There were pleas to save the space program

"Mr. President, this is why space is still cool and worth exploring. Boo yeah! #MarsCuriosity" -Romelle Slaughter II‏ @RHS76 12:52 am

"In case you missed it earlier - Curiosity cost $2.5B. Americans spend $7B on potato chips annually. To say we can't afford this is nonsense." -Nick Hlavacek ‏@NickInNC 12:54 am

"Hey Congress/@BarackObama: This was Times Sq tonight: http://pic.twitter.com/o1ketyzk - @NASA inspires us, brings us together. Fund it." -Rob Sheridan ‏@rob_sheridan 2:53 am

And Curiosity thanked us for our support

"To the entire team & fans back on Earth, thank you, thank you. Now the adventure begins. Let's dare mighty things together! #MSL" -Curiosity Rover‏ @MarsCuriosity 1:37 am

While I'm sure many of you agree with the irony of this tweet...

"Years from now when our kids ask where we were when @MarsCuriosity landed, we can proudly say ‘furiously updating Twitter.’" -Grant Goodale ‏@ggoodale 1:05 am

...this statement pretty much sums up my feelings on the whole night

"I love that we did this, and I love that people love that we did this." -Phil Plait‏ @BadAstronomer 1:28 am

The excitement even continued the next day...

"You know what? I still can't believe it worked." -Emily Lakdawalla‏ @elakdawalla 9:16 pm

And my friend Jeremy posted a tweet that was retweeted more than 800 times (including by @NASA)

"When was the last time hundreds of people gathered in Times Square and chanted the name of a gov't agency? Oh yeah, never. Go @NASA!" -Jeremy Bingaman ‏@iowaradioguy 8:31 am

----------------------------------------------------------------------------------------------------------------------------------------------------------------------

In Summary...

We did it. We landed on Mars. And we captured the imaginations of millions. Mission accomplished.

Shameless plug: Continue the journey, and learn more about the challenges of space travel by visiting SCI's latest traveling exhibition, Facing Mars, where you can try walking with Mars' gravity, test your space surgery skills and see a real Martian meteorite! Learn about other space-themed events at sciowa.org/astronomy.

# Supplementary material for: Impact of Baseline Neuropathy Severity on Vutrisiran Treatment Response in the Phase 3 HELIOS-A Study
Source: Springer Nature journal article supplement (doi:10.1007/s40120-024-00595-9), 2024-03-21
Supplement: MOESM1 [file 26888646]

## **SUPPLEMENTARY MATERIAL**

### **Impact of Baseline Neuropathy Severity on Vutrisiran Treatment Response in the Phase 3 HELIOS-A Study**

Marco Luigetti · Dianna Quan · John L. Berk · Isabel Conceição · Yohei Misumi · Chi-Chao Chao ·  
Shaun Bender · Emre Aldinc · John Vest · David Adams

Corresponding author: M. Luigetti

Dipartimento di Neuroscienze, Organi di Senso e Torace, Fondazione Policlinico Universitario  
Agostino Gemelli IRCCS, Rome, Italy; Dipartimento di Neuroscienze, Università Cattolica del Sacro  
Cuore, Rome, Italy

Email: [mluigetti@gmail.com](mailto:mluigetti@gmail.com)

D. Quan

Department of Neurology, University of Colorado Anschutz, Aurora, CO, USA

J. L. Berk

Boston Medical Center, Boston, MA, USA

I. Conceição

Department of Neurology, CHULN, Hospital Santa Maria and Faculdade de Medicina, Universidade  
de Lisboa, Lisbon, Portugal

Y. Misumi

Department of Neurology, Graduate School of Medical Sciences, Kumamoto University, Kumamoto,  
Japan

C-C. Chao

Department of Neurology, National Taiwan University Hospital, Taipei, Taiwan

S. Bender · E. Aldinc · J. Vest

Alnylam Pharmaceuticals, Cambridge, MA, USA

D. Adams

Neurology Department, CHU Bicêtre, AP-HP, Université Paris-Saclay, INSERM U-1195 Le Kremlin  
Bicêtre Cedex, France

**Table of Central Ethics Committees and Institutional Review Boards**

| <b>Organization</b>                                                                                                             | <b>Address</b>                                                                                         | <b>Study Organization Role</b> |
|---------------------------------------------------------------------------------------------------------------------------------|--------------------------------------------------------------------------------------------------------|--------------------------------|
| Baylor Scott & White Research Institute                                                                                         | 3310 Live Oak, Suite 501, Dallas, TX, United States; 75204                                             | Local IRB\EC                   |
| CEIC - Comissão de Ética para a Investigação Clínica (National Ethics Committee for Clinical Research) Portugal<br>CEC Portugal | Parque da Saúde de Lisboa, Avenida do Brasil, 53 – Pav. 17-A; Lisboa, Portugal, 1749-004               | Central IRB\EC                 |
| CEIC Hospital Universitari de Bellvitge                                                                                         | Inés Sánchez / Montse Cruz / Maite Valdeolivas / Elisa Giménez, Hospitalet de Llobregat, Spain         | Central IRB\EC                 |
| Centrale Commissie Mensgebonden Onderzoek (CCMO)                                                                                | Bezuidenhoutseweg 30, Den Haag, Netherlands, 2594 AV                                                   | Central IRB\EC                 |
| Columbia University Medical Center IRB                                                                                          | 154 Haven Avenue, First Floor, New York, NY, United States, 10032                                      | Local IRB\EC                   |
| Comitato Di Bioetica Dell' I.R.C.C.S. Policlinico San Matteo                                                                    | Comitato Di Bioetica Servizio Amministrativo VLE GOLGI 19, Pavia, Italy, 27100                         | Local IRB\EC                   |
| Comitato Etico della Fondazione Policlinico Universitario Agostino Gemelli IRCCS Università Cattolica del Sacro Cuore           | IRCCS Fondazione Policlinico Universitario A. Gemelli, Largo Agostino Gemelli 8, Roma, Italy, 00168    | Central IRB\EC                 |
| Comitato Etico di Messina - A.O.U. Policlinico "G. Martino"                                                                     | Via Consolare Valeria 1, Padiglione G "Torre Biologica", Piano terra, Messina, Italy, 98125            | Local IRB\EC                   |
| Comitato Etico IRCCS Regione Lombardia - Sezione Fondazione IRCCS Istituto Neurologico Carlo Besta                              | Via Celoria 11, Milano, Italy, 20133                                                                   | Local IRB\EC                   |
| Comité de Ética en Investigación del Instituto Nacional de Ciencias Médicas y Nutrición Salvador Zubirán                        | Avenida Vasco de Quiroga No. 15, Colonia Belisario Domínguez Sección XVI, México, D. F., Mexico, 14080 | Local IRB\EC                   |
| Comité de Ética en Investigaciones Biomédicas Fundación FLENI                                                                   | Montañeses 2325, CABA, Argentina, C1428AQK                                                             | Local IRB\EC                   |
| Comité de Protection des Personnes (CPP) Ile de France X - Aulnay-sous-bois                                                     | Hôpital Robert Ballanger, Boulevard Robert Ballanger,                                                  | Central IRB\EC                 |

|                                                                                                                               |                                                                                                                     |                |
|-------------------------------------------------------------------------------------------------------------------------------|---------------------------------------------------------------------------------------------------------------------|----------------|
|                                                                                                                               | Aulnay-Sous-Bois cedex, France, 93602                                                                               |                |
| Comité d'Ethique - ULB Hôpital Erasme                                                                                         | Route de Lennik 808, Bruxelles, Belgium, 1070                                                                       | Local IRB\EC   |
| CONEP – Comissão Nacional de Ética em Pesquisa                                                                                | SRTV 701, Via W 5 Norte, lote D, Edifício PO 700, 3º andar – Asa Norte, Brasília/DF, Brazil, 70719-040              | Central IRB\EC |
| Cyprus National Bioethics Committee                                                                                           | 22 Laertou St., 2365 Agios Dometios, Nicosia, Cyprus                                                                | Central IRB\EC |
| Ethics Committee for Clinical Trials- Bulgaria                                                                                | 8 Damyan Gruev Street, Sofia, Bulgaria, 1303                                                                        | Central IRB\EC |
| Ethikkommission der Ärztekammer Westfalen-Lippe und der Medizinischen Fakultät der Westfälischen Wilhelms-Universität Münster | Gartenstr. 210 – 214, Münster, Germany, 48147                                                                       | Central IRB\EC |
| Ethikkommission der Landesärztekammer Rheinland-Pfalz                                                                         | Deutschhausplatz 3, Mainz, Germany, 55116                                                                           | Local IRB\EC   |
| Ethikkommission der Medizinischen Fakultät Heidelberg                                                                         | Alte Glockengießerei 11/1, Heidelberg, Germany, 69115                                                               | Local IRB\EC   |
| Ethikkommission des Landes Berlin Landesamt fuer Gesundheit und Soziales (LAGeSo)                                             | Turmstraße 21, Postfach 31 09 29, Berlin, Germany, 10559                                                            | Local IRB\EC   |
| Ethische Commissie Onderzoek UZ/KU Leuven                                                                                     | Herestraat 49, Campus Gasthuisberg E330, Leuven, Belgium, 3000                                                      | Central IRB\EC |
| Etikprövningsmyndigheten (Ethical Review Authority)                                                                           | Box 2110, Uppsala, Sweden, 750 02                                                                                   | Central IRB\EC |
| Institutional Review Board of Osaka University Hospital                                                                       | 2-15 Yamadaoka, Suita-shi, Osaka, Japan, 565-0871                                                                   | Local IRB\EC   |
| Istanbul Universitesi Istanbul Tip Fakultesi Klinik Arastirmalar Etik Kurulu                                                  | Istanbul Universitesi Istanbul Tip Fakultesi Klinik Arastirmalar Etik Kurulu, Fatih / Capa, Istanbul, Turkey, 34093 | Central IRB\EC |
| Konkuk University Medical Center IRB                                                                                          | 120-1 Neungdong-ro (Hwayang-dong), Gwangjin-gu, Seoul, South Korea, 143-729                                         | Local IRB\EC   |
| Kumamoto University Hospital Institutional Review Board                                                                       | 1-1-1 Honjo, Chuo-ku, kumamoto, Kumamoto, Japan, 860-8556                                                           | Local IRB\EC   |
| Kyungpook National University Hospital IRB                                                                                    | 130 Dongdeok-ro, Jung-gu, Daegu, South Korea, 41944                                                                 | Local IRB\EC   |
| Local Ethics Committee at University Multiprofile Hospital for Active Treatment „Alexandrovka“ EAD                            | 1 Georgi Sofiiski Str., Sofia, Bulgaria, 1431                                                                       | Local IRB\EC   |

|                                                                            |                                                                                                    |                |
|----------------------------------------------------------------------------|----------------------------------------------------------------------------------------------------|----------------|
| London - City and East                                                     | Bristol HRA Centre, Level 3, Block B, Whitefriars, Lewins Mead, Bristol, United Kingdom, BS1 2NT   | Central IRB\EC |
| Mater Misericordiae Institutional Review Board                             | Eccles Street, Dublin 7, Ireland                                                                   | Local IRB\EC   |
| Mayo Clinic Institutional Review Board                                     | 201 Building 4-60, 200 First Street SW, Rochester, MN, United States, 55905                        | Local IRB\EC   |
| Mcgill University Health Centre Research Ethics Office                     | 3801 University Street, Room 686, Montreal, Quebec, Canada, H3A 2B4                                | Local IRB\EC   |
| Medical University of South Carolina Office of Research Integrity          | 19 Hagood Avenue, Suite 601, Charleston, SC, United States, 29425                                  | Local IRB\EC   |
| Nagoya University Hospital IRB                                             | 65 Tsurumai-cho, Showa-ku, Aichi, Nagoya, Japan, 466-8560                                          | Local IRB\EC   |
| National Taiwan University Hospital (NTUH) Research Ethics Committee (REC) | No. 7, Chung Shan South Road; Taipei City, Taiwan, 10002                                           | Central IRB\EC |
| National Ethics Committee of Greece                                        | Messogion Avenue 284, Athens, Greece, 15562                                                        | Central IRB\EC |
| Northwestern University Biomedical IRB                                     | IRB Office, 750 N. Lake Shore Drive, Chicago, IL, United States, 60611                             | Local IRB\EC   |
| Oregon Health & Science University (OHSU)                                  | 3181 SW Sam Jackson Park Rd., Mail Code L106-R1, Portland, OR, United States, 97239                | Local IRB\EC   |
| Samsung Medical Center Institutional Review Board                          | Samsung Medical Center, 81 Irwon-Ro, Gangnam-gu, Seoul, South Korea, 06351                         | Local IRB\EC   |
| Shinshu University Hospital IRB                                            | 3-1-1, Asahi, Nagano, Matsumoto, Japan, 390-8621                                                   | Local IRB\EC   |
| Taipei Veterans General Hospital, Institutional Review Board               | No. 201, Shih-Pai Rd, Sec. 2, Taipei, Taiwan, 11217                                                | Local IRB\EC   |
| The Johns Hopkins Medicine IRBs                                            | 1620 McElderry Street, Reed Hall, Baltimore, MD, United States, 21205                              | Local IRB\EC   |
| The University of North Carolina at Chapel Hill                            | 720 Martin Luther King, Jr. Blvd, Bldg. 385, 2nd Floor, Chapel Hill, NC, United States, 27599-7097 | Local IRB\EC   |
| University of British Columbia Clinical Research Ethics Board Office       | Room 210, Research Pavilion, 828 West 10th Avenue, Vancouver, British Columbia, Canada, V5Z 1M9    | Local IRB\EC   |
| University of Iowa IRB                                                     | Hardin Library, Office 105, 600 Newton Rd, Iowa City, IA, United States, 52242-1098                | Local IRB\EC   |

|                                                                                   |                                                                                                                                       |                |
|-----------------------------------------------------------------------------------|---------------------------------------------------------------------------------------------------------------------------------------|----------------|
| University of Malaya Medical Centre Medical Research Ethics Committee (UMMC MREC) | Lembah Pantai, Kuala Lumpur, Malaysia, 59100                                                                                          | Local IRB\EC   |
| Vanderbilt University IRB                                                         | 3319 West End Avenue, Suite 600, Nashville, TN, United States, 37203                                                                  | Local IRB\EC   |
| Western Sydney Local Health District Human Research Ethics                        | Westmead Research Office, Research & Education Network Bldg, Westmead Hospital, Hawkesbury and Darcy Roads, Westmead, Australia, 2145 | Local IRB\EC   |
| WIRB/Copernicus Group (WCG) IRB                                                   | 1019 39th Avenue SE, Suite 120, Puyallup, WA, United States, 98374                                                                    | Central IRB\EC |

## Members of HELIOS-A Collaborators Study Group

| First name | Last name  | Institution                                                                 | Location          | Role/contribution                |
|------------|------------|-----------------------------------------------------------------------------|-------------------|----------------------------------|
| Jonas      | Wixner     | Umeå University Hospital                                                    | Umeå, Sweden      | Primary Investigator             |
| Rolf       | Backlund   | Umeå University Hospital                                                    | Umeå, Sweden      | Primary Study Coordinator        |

Category: NASA

Jul
26

Kids say the nerdiest things!

We hear some pretty funny things out of the mouths of children (and adults) at SCI! This is our quote board.

We hear some pretty funny things out of the mouths of children (and adults) at SCI! This is our quote board.

By: Emilee Richardson, Marketing & Communications Coordinator

Kids say some hilarious things. They're innocent and naive, and they pretty much say whatever they're thinking. Add in some complicated science principles, and it's a recipe for giggle-inducing greatness!

Our SCI Programs Team has a whiteboard where they keep some of the most memorable quotes, and I wanted to share them with you. While doing my research, I discovered that for the past five years, each time the board filled up, someone would transcribe the quotes for safe-keeping before it was erased. I found the folder containing these notes and spent almost two hours in the office by myself laughing out loud.

Here's a sampling of some of our favorites:

During a live science program

SCI presenter during Cold Blooded Critters: "This is an ornate box turtle. Have you ever seen a turtle in the wild?"
Young girl: "I eat turtles!"
Parents (horrified): "NO SHE DOESN'T!!"

Girl, after getting off the Van de Graaff generator during Zap: "Man, that made me feel weird... like a nerd!"

SCI presenter during Fire & Ice: "What happens when water gets really, really hot?"
Young girl: "You get to make mac & cheese!!"

SCI presenter before turning on the Tesla coil during Zap: "Does anyone have a pacemaker or other life-saving electronic device?"
Concerned young girl: "Daddy! You have your Blackberry!!" 

10-year-old boy during Crazy Chemistry: "So what you're really saying is that science is fun?!"

Overheard on the floor

Mother points out an SCI presenter holding a snake. 6-year-old girl replies: "Mom, I have no time for these limbless creatures."

SCI presenter: "So... do you have any favorite planets?"
Young girl: "Yeah, in our garden, we have cucumbers and carrots and red peppers!"